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A scene from Roma

A scene from Roma

Chosen with the activist’s eye in mind by Chris Nineham, Kate O’Neil and Mark Dee Smith  

Roma (Cuarón, 2018) 135m

Available from Netflix

From Roma

The film is made from the childhood memories of Mexican director Alfonso Cuarón. It's lush black and white cinematography oozes nostalgia for the security of his parents' stylish house in the bourgeois area of Colonia Roma in Mexico City. But Cuarón was clearly alert to the tensions that wracked even his upbringing: the injustice of domestic service, the entitled behaviour of men, and the lurking and looming brutality of a dictatorship. 

Roma brings together these different layers of reality superbly, but some have criticised it as a romanticisation. But the fact that family’s maid, Cleo, brilliantly portrayed by Yalitza Aparicio, is the film’s protagonist elevates it way above schmaltz. As a result, without even appearing to try, the film generates fascinating questions about class, race, women's oppression and imperialism. (CN)

The Image Book (Godard, 2018) 85m

Available from Mubi

From The Image Book

Godard’s kaleidoscopic meditation on film history and politics reaffirms his commitment to the bold experimentation that jettisoned him from mainstream cinema over half a century ago. Comprised of found imagery - sometimes treated, sometimes not - blended with Tunisian-shot documentary, the Grand Old Man of radical cinema uses collage techniques alongside direct quotes from the likes of Edward Said to weave an entrancing counter-narrative to the Orientalism that blights us to this day.  

The twin forces that drove him in the late sixties, a pulverising contempt for imperialism and a love for the Hollywood slipstream still appears to be firing him now. But Godard’s delivery is as fresh as ever, and rigorous in its exposition of both conservative film practice and neo-colonial politics. Dazzling and elliptical, this film is on fire. (MDS)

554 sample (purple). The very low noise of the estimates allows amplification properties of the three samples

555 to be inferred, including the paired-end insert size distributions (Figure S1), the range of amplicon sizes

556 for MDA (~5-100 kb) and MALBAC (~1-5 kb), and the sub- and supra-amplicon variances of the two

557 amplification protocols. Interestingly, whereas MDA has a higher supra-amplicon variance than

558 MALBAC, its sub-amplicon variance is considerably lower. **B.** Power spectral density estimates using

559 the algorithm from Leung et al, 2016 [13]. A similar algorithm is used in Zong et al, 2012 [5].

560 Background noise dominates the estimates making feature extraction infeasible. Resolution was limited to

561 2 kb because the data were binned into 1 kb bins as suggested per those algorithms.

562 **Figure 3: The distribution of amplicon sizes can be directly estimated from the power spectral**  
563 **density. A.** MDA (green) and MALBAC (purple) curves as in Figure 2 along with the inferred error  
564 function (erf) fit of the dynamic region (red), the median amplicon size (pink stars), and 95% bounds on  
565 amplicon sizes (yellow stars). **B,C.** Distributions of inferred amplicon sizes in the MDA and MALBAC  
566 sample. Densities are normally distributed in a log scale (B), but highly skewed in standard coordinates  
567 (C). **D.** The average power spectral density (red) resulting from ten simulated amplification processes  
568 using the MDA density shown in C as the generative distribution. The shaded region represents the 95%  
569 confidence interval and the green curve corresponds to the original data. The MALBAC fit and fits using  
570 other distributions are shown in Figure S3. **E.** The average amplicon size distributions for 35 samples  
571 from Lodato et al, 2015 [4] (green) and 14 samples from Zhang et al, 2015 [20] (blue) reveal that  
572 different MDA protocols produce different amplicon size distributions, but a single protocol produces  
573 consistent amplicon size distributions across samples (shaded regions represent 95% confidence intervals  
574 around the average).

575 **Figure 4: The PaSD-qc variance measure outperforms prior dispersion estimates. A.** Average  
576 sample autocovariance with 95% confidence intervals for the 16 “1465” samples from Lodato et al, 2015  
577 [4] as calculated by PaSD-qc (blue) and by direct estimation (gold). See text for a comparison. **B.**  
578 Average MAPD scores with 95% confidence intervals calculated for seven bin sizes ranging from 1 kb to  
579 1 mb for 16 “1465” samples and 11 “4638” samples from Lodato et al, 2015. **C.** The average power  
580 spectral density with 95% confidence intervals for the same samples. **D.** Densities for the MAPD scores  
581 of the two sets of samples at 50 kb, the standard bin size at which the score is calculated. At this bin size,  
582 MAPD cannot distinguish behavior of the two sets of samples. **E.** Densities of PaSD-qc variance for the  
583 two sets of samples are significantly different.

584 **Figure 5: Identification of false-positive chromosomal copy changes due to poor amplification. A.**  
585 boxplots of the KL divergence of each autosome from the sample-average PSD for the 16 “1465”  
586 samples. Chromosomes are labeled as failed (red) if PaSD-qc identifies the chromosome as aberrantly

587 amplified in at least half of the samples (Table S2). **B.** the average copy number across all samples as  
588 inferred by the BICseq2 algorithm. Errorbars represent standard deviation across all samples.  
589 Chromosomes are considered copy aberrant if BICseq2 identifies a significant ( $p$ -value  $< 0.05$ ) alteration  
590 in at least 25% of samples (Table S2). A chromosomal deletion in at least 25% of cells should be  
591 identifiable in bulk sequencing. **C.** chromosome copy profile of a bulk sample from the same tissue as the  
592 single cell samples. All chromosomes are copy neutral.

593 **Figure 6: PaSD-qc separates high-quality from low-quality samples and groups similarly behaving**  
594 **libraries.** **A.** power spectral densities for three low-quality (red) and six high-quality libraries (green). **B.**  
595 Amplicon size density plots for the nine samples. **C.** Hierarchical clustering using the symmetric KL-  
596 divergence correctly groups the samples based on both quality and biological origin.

I, Tonya (Gillespie, 2017) 119m

Available from Netflix 

From I, Tonya

I, Tonya is a brilliant black comedy-drama and rare glimpse at class prejudice in America. It is based on the true story of Olympic figure skater Tonya Harding, whose promising career was cut short when her ex-husband Jeff Gillooly orchestrated a physical attack on rival figure skater Nancy Kerrigan in 1994. The comedic element centres on a series of mockumentary-style interviews of Tonya, Gillooly, and the cast of bizarre and colourful characters surrounding them. 

But the dramatic element goes beyond the exploitation of a chav scandal and depicts Tonya’s story as the tragedy of a poor working-class woman with extraordinary talent who tries and fails to succeed in the genteel world of Olympic sport. Allison Janney of West Wing fame delivers an Oscar-winning performance as Tonya’s eccentric and abusive mother. (KON)

The Servant (Losey, 1963) 115m 

Available from Mubi

From The Servant

For fans of Bong Joon-ho’s Parasite, this is its weird old grandparent. Directed by Joseph Losey, in flight from McCarthyite Hollywood, this proto-queer psychodrama apes and inverts class tensions through a slow motion game of hide-and-seek starring cast-against-type matinee idols Dirk Bogarde and James Fox. 

Although awash with distinction - tableaux vivant cinematography by Douglas Slocombe, jazzed-up score by Johnny Dankworth and a positively raunchy Wendy Craig – it is Harold Pinter’s forensically sparse script that marks this film as a classic and skewers its themes of bondage and servitude. Perverse and unforgettable, its exploration of genteel decadence curiously anticipates the eruption of class antagonism that would ignite the sixties. (MDS)

Bacurau (Filho/Dornelles, 2019) 132m

Available from Mubi 

From Bacurau

An outstanding state of the nation fable from Brazil about a disappearing village with a long record of resistance well-documented in a very impressive local history museum. Slightly disorientating at first, suggesting a range of genres all at the same time (spaghetti western, sci-fi, knockabout comedy) but it unfolds as something totally original and grounded in truth, if not reality. 

Kleber Mendonça Filho and Juliano Dornelles' film is unashamedley political and anti-government but also a massively enjoyable portrait of an imagined rural community full of eccentric, unexpected and very resourceful characters. It is also a gorgeously filmed exploration of the beauty of north eastern Brazil. 

To be avoided if you’re purist about your genres, but a must-see if you dream of resistance to the Trump/Bolsanaro axis. (CN)

Tagged under: Film

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